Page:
Spam now accounts for over 90% of all e-mails
New guidelines for how internet service providers should combat spam have been published.
The advice, from the Messaging Anti-Abuse Working Group (MAAWG) recommends ISPs use separate servers for received and forwarded e-mails.
It also recommends ISPs block the port - known as port 25 - through which spam travels.
Richard Cox from UK anti-spam group Spamhaus believes the guidelines could be implemented within the year.
"These are very significant recommendations and they are coming from a well-respected body so there is not much excuse for not following them," he said.
It is estimated that over 90% of all e-mail is spam.
Even if the guidelines are taking up by a majority of ISPs, experts admit it is unlikely that people will see a drastic reduction in spam any time soon.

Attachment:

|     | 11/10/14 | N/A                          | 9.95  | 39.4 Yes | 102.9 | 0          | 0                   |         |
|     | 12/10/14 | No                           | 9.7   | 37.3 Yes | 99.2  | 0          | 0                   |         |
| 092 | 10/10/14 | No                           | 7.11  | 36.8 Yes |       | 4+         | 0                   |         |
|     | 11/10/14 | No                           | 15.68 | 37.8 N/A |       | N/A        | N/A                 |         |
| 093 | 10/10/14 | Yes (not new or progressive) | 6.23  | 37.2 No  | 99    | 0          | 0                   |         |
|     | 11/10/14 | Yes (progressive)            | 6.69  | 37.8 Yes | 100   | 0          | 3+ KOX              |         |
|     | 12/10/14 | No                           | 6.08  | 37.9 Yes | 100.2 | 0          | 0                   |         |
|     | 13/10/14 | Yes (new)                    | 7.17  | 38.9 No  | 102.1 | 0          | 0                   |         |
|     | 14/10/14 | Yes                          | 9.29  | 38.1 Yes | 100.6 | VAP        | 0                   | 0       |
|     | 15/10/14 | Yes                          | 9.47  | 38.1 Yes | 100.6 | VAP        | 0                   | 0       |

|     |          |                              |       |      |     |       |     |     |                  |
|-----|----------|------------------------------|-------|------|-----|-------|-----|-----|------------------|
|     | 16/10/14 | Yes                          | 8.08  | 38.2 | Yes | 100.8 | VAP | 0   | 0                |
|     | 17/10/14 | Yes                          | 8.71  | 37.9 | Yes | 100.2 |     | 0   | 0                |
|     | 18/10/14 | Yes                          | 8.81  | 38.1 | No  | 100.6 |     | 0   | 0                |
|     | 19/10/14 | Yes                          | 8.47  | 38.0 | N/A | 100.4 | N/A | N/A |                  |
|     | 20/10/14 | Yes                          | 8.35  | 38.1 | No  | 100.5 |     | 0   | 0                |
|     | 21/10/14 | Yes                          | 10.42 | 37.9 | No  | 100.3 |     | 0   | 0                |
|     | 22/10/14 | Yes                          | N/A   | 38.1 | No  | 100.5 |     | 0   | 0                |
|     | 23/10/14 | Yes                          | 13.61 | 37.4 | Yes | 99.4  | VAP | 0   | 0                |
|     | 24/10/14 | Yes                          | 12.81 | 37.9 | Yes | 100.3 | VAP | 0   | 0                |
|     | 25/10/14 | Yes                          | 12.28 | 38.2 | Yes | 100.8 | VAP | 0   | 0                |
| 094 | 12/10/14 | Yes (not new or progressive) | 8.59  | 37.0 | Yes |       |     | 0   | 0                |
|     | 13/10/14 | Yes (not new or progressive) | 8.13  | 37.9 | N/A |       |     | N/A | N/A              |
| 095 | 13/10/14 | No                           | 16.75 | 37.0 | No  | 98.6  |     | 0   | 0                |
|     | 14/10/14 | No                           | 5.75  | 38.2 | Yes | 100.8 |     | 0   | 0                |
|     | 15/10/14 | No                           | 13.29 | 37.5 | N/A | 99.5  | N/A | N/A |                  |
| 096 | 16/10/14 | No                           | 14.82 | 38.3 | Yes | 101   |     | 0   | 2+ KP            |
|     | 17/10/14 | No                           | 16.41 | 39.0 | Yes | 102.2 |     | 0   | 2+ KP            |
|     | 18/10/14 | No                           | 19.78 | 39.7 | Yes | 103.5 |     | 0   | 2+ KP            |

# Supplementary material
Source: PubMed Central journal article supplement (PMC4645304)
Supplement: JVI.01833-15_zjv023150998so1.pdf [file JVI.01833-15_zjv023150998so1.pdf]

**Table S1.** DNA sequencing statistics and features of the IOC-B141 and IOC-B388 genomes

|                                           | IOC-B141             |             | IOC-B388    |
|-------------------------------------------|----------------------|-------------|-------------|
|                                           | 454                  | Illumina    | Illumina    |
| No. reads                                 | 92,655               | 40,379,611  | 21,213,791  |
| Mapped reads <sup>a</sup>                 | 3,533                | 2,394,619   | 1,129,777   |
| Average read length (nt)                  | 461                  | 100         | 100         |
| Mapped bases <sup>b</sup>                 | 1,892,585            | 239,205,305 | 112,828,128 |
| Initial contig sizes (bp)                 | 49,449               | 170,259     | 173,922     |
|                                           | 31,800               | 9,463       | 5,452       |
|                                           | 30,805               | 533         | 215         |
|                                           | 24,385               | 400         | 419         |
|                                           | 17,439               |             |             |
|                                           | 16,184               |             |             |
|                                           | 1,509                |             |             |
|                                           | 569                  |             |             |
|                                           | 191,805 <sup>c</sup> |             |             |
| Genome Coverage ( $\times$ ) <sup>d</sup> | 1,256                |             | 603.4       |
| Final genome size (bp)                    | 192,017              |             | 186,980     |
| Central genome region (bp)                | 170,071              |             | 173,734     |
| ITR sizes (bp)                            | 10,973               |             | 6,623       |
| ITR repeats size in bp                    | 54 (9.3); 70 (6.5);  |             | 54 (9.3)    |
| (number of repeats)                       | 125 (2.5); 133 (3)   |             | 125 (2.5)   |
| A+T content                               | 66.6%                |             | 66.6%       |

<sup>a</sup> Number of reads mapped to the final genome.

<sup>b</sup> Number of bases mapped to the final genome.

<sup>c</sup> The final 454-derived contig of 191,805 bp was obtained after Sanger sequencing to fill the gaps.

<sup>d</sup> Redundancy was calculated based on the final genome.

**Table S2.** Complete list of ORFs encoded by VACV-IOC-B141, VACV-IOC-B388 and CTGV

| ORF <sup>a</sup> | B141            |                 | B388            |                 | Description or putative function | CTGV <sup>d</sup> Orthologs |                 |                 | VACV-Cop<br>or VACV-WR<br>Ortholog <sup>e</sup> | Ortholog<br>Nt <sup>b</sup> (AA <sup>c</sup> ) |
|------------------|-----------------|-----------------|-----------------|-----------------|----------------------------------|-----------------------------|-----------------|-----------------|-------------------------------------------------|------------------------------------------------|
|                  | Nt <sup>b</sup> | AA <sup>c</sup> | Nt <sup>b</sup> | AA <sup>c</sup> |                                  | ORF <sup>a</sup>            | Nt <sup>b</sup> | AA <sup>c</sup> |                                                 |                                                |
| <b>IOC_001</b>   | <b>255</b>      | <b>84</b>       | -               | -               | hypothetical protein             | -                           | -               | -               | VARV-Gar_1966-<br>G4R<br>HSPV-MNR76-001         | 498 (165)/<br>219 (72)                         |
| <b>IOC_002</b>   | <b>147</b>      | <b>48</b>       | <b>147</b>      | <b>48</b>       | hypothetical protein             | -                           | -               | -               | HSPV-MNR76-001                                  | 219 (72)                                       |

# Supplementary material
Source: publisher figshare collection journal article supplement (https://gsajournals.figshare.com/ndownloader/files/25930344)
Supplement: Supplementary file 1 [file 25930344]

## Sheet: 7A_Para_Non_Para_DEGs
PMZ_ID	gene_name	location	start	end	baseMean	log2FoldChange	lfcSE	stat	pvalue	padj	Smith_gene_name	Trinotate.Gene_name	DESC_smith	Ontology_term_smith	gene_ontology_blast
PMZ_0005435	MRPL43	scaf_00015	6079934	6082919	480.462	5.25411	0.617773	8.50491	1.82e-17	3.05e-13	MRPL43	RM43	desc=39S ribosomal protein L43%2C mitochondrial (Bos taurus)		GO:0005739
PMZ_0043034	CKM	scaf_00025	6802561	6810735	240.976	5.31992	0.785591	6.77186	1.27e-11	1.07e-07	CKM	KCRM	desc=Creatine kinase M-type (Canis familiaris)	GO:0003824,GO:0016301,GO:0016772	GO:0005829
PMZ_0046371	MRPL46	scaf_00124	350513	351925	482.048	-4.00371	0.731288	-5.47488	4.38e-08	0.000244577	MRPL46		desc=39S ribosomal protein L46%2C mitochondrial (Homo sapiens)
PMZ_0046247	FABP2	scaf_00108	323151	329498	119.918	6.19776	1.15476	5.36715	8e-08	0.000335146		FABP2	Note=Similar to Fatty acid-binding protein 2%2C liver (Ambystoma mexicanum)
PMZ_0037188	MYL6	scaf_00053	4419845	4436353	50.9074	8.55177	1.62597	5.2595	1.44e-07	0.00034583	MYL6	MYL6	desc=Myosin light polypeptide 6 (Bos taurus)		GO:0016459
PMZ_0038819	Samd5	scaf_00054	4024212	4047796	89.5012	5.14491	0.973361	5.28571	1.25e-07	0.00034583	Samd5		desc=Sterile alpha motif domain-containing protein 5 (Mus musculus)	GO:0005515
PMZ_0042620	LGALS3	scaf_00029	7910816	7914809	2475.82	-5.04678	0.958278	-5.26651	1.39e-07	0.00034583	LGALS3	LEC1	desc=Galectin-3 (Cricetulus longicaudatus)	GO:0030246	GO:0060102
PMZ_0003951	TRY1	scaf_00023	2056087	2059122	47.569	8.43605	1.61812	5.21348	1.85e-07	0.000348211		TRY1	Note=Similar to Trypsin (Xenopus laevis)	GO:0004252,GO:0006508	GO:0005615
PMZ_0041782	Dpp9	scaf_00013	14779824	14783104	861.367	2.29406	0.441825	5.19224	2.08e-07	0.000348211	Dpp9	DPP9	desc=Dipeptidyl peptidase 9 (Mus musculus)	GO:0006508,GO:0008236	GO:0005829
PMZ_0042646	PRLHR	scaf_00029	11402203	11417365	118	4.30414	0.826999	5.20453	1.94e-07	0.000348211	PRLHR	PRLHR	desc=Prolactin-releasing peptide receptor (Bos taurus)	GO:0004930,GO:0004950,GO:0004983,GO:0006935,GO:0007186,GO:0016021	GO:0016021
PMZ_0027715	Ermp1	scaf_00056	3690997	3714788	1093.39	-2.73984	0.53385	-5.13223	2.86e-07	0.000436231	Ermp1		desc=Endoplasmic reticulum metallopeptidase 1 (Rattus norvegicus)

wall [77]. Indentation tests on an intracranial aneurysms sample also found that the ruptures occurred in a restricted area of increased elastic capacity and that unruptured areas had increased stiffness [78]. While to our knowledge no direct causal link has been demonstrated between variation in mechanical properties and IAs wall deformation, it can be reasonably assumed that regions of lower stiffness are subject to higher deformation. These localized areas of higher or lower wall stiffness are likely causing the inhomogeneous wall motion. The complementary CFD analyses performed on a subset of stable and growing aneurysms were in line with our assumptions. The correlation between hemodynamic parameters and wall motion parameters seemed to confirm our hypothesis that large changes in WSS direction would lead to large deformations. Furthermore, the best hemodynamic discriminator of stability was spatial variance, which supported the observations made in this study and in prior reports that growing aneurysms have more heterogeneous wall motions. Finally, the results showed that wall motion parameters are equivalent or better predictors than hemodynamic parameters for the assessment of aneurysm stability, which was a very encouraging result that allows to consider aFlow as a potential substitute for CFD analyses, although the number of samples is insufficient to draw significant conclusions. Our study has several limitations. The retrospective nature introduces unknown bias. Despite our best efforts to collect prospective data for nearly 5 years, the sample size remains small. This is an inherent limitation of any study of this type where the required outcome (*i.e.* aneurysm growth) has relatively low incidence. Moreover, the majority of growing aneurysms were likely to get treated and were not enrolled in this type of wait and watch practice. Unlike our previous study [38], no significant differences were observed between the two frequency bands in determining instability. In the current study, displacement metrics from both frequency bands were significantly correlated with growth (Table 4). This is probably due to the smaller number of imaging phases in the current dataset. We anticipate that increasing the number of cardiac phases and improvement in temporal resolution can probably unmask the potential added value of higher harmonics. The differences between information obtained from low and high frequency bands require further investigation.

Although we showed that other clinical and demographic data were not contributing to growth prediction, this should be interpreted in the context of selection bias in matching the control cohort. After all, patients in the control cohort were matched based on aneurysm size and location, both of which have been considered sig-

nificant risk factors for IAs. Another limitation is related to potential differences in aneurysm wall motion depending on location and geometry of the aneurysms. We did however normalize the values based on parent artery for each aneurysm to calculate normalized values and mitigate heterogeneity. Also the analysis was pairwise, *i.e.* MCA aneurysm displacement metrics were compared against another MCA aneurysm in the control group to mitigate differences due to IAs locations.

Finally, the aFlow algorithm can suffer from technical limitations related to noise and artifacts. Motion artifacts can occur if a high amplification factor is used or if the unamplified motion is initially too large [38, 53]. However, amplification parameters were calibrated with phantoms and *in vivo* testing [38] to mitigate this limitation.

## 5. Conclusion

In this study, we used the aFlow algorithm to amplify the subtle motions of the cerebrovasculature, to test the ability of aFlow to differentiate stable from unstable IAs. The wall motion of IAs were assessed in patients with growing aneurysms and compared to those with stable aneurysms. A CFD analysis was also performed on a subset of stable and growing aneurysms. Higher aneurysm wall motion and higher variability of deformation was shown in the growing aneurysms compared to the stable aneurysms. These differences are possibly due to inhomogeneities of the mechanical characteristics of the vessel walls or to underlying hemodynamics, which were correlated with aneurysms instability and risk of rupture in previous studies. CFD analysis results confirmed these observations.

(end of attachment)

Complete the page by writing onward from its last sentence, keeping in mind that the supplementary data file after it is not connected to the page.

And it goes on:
"Some ISPs will always remain wide open even if we succeed in closing port 25," said Matt Sergeant, a senior anti-spam technologist with security firm MessageLabs.
"But that doesn't mean that it isn't worth doing. If we don't do it spam volumes will increase," he said.
The first of MAAWG's recommendations calls for a separation between original e-mails and those that are forwarded on.
"When mail is forwarded it is often the case that spam and viruses are also forwarded," said Mr Sergeant.
Making a distinction will make stop those sending e-mail from being associated with spam.
"It will give recipients the ability to recognise spam and reject it," Mr Cox added.
The second looks at the issue of so-called botnets - networks of computers that have been taken over by hackers to send malicious software and spam.
MessageLabs estimates that over 90% of spam is sent via botnets.
The idea of blocking port 25 is not a new one but it will gain new impetus now it has been officially outlined by MAAWG, thinks Mr Cox.
A number of ISPs in the US - from where historically the majority of spam originates - are already implementing the block.
But Mr Sergeant thinks spammers are bound to stay ahead of the attempts to limit their influence.
"They will have fewer ISPs to use but they will simply develop faster engines," he said.